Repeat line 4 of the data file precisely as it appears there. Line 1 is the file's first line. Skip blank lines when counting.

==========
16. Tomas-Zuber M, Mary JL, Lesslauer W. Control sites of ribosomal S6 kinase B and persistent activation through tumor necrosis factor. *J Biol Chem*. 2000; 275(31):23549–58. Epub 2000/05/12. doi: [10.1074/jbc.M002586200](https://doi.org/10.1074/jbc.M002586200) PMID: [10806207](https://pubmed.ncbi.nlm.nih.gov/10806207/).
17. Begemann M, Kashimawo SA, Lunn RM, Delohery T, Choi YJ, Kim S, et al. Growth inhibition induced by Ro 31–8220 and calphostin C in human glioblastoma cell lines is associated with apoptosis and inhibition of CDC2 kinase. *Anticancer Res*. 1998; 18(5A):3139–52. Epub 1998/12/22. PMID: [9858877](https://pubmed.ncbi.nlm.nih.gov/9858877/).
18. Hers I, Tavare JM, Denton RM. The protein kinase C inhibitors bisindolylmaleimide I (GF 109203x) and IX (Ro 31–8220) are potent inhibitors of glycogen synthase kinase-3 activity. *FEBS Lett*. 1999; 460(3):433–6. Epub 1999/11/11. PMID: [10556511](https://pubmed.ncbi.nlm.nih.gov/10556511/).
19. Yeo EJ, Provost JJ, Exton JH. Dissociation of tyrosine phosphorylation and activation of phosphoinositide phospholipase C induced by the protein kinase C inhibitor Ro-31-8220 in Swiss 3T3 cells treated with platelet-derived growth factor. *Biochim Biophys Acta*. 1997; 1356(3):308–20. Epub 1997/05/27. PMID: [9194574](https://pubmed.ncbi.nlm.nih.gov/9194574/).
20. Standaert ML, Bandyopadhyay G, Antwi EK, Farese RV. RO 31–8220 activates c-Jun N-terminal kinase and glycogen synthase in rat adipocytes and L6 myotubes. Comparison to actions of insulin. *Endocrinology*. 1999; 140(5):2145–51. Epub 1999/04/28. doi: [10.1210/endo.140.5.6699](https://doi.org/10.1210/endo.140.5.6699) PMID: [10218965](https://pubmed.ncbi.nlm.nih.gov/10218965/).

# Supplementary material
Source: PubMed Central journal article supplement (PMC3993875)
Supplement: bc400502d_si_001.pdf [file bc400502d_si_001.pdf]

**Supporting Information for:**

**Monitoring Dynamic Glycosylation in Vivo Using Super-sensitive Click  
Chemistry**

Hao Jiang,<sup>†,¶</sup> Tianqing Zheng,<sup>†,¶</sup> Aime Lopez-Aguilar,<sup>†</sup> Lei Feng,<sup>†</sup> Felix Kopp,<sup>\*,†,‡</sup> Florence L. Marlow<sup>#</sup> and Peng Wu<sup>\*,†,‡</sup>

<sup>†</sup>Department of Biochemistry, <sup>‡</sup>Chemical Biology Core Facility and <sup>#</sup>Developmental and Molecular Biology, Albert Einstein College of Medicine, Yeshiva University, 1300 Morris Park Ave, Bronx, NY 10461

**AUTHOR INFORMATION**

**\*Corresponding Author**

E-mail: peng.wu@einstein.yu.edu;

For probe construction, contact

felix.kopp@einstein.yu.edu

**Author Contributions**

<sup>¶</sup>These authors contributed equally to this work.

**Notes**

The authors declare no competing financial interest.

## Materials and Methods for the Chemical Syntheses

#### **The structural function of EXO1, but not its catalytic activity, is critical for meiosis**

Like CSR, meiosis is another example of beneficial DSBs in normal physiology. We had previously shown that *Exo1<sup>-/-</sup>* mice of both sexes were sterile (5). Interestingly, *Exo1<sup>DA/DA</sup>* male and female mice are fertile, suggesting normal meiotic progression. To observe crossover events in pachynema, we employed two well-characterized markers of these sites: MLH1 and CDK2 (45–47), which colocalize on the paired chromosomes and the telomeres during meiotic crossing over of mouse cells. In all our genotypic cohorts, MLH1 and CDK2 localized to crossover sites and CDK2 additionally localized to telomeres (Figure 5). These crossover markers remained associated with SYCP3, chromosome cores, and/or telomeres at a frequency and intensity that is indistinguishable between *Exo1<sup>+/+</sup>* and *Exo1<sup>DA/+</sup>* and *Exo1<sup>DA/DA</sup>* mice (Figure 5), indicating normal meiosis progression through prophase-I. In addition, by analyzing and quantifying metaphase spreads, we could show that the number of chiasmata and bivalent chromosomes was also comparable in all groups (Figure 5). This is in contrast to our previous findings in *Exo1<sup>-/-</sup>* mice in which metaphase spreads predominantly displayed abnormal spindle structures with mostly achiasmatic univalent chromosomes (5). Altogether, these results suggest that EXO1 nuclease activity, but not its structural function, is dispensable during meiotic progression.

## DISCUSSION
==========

19. Yeo EJ, Provost JJ, Exton JH. Dissociation of tyrosine phosphorylation and activation of phosphoinositide phospholipase C induced by the protein kinase C inhibitor Ro-31-8220 in Swiss 3T3 cells treated with platelet-derived growth factor. *Biochim Biophys Acta*. 1997; 1356(3):308–20. Epub 1997/05/27. PMID: [9194574](https://pubmed.ncbi.nlm.nih.gov/9194574/).